When we do come across motifs and symbols we don’t understand, they don’t necessarily stay meaningless for very long. Our minds are continually interpreting our experience, ascribing meaning as naturally as breathing. If we stare at it for long enough, a cloud will often turn into a face, just as a symbol will often resolve into a complex of meanings. 

Clearly, a purely personal interpretation of myth or symbol won’t tell us much about the source culture they grew out of, especially if we are greatly removed from that culture. It’s reasonable to look for comparisons in such cases, similar symbols either from within the source culture itself, or if that’s not available to us then symbols from a close cousin. I believe that this, in reality, is one of the few ways in which we can claim some objectivity in this type of work.

But even so, no matter how carefully we may arrange our comparisons, they are still selective readings that are only minimally objective. In using comparison as a guideline for interpretation, there is still a need to identify our subjective responses before reverse-engineering an ‘objective’ rationale for them. Only after doing so will we be able to see our responses clearly enough to distinguish them from the actual material itself.

But after separating them out, we should neither neglect to consider these instinctive insights. There is nothing wrong with creative responses to myth and symbol; some of the world’s greatest art is a result of such engagement. If we are correct in regarding at least some myths as drawing on the imaginal life of a people, approaching them without any regard for our own imaginal lives would seem to be missing the point.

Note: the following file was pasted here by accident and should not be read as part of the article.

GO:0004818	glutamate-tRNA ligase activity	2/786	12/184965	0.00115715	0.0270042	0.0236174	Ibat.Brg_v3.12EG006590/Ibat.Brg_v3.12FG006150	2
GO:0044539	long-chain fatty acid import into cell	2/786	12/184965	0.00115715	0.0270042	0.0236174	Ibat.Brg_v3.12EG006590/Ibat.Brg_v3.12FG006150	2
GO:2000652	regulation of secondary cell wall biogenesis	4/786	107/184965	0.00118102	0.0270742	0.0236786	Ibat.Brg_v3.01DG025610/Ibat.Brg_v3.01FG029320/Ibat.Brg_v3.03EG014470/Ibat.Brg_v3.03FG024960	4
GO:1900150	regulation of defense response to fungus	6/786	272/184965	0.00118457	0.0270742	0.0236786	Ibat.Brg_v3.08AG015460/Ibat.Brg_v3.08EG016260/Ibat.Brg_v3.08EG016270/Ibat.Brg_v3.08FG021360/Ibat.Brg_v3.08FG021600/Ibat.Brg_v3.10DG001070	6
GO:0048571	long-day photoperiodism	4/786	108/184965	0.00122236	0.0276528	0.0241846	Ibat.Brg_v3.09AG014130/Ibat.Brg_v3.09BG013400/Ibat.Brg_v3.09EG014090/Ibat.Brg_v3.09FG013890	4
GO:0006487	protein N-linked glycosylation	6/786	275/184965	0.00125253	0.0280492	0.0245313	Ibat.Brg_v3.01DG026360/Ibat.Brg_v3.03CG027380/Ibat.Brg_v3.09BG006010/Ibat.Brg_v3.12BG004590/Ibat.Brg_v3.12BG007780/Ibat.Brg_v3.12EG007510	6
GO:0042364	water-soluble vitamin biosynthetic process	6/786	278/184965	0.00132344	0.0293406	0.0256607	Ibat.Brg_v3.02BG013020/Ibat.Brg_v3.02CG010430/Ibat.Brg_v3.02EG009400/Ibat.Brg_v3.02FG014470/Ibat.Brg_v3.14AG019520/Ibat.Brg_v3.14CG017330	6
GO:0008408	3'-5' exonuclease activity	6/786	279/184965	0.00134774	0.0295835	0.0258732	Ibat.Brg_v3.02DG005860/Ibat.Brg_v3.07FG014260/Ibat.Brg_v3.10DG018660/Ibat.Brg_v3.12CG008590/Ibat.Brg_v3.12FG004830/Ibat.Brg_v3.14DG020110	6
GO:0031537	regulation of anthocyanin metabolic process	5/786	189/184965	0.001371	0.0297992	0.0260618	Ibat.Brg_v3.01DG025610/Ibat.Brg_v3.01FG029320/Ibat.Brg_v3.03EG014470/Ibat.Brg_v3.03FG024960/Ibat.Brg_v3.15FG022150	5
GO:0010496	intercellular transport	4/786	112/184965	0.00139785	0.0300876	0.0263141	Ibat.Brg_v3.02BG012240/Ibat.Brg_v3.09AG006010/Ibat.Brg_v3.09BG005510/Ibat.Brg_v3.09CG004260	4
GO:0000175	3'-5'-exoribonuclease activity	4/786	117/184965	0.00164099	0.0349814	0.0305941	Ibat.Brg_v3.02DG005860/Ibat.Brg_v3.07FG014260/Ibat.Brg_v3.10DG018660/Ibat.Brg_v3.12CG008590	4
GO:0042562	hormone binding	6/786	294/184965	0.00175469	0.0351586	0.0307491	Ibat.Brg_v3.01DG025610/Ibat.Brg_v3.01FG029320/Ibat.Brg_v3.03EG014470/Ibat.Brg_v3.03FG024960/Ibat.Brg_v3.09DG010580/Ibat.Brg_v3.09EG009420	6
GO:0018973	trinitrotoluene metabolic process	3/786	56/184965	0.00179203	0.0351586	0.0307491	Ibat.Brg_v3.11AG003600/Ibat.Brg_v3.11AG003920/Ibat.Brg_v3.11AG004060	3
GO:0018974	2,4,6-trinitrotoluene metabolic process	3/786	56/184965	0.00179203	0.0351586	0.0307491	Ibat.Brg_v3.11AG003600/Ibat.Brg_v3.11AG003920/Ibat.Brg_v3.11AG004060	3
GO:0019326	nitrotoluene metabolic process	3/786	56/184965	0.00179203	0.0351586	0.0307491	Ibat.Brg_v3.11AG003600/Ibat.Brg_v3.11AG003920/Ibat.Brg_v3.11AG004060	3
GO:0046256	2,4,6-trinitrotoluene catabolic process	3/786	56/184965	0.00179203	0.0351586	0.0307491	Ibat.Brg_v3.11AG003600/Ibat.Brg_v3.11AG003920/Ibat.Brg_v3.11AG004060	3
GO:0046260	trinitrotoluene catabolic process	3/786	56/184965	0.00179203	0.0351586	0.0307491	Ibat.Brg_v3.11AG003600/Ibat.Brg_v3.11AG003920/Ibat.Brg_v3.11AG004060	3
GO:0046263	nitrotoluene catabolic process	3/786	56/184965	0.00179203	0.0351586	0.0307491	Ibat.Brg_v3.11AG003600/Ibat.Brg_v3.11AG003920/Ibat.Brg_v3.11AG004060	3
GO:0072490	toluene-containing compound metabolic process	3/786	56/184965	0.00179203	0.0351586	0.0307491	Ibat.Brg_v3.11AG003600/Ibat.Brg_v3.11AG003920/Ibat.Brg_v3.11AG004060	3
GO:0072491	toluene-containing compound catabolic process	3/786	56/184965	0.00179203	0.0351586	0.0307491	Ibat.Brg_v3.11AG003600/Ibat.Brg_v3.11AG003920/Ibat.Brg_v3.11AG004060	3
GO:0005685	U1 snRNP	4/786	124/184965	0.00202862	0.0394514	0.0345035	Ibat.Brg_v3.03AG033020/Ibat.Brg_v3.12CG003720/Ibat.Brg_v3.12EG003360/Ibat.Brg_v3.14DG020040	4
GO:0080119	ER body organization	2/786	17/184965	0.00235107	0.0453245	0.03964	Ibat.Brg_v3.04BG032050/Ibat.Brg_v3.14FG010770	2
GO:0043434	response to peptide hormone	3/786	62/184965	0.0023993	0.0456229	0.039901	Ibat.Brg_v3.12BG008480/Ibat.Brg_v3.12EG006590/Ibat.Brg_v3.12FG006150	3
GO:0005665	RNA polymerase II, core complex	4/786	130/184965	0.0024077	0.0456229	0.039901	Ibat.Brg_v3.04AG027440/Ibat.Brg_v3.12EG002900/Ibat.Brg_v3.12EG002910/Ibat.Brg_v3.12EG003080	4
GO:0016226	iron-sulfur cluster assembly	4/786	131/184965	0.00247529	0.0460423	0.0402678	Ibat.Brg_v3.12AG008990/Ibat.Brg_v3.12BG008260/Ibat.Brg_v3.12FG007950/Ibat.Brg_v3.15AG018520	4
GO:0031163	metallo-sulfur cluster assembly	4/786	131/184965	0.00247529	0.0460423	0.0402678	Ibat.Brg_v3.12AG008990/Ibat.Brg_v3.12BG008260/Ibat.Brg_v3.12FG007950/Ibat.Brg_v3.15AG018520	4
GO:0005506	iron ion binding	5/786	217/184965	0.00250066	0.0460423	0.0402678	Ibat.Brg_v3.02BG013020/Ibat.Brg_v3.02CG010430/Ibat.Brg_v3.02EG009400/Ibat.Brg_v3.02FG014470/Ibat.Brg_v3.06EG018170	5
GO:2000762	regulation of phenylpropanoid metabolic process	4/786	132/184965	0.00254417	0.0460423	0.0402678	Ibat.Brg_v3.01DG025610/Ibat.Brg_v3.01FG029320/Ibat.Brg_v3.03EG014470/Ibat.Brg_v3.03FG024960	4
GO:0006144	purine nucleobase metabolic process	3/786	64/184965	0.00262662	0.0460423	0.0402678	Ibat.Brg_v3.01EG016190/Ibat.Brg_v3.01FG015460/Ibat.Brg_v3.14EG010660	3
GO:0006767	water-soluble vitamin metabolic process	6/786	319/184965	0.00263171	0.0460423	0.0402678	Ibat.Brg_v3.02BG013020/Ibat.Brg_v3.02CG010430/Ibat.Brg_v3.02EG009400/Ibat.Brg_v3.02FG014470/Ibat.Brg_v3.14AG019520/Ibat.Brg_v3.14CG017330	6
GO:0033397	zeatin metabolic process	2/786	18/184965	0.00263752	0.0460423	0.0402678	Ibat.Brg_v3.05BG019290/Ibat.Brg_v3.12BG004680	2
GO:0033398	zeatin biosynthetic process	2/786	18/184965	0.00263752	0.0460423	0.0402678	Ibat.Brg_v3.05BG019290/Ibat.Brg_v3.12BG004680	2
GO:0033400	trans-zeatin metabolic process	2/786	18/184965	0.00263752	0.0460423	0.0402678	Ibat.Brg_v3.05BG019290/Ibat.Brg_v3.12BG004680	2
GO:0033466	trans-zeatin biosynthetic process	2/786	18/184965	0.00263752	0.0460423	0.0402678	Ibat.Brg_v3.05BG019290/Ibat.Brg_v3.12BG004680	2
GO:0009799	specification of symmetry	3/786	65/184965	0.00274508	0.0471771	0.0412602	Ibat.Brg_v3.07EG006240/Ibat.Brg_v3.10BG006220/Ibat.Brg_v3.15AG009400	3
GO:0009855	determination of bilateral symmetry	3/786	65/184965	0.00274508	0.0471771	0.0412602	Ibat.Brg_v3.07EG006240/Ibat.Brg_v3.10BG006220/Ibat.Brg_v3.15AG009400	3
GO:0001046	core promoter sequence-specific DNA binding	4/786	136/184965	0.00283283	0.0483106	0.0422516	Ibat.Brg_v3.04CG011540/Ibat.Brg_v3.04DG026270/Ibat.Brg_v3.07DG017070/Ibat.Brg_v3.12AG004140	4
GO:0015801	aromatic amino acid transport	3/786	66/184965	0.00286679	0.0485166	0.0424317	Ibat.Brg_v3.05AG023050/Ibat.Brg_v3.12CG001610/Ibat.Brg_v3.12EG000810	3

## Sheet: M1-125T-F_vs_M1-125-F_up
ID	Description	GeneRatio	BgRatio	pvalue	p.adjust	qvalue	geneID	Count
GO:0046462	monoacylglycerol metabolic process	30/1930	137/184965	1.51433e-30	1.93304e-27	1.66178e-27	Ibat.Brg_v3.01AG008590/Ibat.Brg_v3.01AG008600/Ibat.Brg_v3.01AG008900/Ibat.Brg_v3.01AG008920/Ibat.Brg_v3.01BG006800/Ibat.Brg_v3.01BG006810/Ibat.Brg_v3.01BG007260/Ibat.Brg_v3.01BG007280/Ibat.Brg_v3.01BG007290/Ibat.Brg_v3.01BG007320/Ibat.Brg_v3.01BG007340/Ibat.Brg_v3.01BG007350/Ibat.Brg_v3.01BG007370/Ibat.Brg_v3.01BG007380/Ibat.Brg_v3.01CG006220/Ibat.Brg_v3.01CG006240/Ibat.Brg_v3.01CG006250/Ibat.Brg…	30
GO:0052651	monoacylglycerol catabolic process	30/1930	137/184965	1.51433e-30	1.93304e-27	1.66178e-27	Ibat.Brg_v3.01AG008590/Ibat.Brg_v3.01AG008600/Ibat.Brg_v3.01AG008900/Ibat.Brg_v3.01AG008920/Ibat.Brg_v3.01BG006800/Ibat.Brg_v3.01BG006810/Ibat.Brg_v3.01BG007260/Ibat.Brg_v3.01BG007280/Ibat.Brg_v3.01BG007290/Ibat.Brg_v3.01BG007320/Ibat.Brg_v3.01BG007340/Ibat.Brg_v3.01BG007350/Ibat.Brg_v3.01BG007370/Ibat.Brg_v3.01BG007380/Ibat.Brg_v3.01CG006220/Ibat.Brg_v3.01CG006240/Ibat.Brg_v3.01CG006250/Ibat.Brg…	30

A useful approach in trying to understand a myth is to look at the situation in which it arose. But making assumptions about a myth by re-creating its social context isn’t as straight forward as it sounds, and generally impossible to do so without leaning somewhat on our own learnt ideas about what a myth can and cannot do. It is a mistake to think that any old story can simply be analysed like an antique box, prodded and tinkered with until it finally pops open to reveal its hidden curiosities, all without any creative engagement by the researcher.

An overly reductive, classificatory investigation is doomed to miss the woods for the trees. Either we approach myths and their symbols as the active, engaging and stimulating complexes of meaning that they were to their respective societies, or we simply classify their perceived forms and move on. Unfortunately, such treatments will inevitably tell us more about how we tend to classify things than reveal the imaginal potential of a myth.

Myths are probably more akin to living animals than a dead constructs, yet there is a danger of assuming that they have almost machine-like workings. That is an unfortunate and pervasive influence of some of the natural sciences: depicting the human body as a mechanical thing does not mean that everything it creates, even its ideas, are necessarily mechanical. That is a very difficult position from which to investigate the condensed dreaming of a culture. No myth ever evolved as a result of a storyteller thinking rationally about functions and utilities, so what makes us assume that defining those functions and utilities is the primary way of studying myth?